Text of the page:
• Step 4: Develop a plan for using available forages, considering where they are best suited based on their quality. Now is the time to identify shortfalls and develop a plan to purchase forages if needed. Western and local alfalfa hay is already projected to be in short supply, and prices are increasing. Some farmers have replanted both corn and/or sorghum-sudangrass for additional crops this season. Unfortunately, planting dates (before August 1) for these crops have passed. Options for crops you might consider for grazing, hay, or silage are identified in Table 1.

 

Table 1. Forages that can be planted after mid August with adequate rain for germination and growth in the central US
Cereal rye
  • Can provide fall and spring growth if planted from mid August till Sept 1st
  • Low chance of fall growth for harvest or grazing if planted after October 1st
  • Can be planted up to November 1st for spring forage
Spring oats
  • Plant in mid August till Sept 1st for fall forage
  • Can yield 1.5 to 2.5 ton/acre of hay
  • Does not survive the winter- only fall forage
Cereal Rye and turnips
  • Plant mid August to mid September
  • Fall grazing- rye and turnips
  • Spring grazing—just cereal rye (turnips die over winter)
Spring oats and turnips
  • Plant mid August to mid- September
  • Fall grazing only
Annual ryegrass planted in fall
  • Plant in fall and harvest next spring
  • Compared to other annual spring crops, it grows longer in the spring

 

Review cow production and management records.

Identify cows that should be culled or dried off early. Cows with longer days in milk and short bred, problem breeders, and/or those with milk production below the level needed to cover at least feed costs may need to be culled or dried off early. For example, if it costs on average $7.18/day to feed the average cow in your herd, cows would have to produce over 40 lb/day of milk (assuming $18/cwt milk) to cover feed costs alone (Table 2).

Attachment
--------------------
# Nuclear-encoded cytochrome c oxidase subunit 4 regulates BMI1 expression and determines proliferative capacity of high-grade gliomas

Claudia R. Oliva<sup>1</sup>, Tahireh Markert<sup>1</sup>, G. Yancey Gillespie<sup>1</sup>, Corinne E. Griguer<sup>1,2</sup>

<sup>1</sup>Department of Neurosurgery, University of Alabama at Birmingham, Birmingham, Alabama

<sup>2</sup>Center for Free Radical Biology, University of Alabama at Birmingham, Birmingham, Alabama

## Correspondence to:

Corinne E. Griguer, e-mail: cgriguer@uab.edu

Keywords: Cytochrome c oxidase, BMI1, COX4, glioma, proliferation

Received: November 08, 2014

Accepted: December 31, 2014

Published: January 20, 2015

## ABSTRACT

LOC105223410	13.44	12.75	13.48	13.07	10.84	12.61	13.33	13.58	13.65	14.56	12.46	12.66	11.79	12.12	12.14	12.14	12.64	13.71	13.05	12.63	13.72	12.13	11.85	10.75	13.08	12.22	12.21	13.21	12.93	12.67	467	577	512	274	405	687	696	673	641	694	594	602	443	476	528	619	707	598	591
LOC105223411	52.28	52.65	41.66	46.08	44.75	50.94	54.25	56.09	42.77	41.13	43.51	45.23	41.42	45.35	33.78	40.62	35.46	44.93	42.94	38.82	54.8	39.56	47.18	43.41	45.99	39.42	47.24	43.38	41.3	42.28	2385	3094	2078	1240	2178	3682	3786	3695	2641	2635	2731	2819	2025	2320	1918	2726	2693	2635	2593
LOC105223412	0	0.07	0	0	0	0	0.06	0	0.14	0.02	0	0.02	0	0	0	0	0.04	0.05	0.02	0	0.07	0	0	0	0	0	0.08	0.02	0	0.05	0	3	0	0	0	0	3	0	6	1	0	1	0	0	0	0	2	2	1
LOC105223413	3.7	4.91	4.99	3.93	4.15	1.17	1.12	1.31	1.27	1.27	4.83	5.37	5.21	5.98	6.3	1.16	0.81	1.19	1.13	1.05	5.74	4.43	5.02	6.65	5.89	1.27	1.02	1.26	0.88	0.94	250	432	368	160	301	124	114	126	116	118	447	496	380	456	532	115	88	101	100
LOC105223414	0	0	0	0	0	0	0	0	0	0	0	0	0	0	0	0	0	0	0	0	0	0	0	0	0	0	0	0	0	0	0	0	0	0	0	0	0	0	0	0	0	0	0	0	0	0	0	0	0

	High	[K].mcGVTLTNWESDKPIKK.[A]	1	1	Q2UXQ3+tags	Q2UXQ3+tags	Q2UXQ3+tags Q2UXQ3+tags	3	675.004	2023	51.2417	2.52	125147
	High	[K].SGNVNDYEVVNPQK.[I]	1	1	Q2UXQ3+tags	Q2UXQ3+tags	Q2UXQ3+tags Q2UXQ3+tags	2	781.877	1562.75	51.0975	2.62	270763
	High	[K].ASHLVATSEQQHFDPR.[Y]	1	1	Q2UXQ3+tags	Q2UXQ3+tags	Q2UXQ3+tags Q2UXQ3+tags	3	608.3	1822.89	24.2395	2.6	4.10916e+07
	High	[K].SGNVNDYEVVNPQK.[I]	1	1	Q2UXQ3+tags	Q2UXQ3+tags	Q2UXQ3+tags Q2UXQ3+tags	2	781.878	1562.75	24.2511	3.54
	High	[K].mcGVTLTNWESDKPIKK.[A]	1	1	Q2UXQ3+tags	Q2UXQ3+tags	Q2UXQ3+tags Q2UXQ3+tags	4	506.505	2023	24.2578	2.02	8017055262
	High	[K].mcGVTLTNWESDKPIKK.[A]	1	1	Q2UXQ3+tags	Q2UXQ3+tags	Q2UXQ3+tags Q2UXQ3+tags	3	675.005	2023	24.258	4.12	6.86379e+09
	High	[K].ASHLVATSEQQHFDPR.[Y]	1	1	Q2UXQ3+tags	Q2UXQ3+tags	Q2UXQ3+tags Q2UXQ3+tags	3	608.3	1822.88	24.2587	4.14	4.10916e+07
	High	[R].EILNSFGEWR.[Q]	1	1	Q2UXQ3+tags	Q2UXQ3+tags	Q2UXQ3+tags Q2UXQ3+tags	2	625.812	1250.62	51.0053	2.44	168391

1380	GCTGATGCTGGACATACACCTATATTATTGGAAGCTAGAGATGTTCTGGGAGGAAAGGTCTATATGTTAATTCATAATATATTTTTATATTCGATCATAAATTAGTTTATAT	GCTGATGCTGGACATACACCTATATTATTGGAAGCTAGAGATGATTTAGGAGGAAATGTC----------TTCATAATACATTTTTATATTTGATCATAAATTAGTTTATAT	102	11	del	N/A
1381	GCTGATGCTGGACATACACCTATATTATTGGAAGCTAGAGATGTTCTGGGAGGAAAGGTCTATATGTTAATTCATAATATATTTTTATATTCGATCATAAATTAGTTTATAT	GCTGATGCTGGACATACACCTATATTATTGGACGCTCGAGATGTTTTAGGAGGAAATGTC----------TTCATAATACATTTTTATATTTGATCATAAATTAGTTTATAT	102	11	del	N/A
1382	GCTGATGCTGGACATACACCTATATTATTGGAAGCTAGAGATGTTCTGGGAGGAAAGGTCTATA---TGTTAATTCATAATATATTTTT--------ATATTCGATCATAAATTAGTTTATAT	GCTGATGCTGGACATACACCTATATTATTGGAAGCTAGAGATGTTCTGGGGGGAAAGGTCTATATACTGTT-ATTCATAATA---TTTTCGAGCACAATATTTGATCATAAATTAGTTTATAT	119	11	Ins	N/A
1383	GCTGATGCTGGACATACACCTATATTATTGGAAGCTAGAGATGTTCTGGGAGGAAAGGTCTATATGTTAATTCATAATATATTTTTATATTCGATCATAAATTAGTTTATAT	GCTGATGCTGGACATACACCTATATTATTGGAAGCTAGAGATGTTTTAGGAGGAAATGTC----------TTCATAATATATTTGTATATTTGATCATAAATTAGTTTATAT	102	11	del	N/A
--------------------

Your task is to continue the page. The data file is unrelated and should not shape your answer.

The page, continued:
Table 2. Example to calculate feed costs

65 lbs corn silage @ $45/ton = $1.46

5 lbs alfalfa hay @ $250/ton  = $ 0.62

24 lbs grain @ $425/ton        = $5.10

Amount of milk needed to cover average feed cost

@ $18/cwt milk = 40 lbs milk ($7.18/0.18)
@ $20/cwt milk = 36 lbs milk

* Dairy farmers should use their own prices to calculate feed cost. This is an example for illustration purposes only.

 

Review feed storage methods to minimize losses (reduce shrink).

Feed losses can quickly increase feed cost. Use the following feed management practices to help minimize these losses.

  • Properly cover silage. Improperly or uncovered silage structures result in excessive losses of dry matter (DM). A study with uncovered bunker silos showed a 75% loss of dry matter of corn silage within the top 10 inches and 25% losses within the next 10 inches of surface area on top of the bunker compared to bunkers properly covered with plastic and tires. For a 30 ft by 100 ft bunker, approximately 50 tons of silage would be lost, equal to $2,250 of silage (worth $45/ton silage). These losses are substantial and are not seen unless the difference between the amount of silage entering storage and fed out of a structure is measured.
  • Pack bunkers and piles well, especially the top 6 inches of silage and then cover with plastic. Tires should be placed on top of the plastic not only to hold the plastic in place but also to exclude oxygen. Tires should touch one another to achieve these goals and minimize spoilage and DM losses in the top layers of silage. Upright silos should be leveled off and also covered with plastic.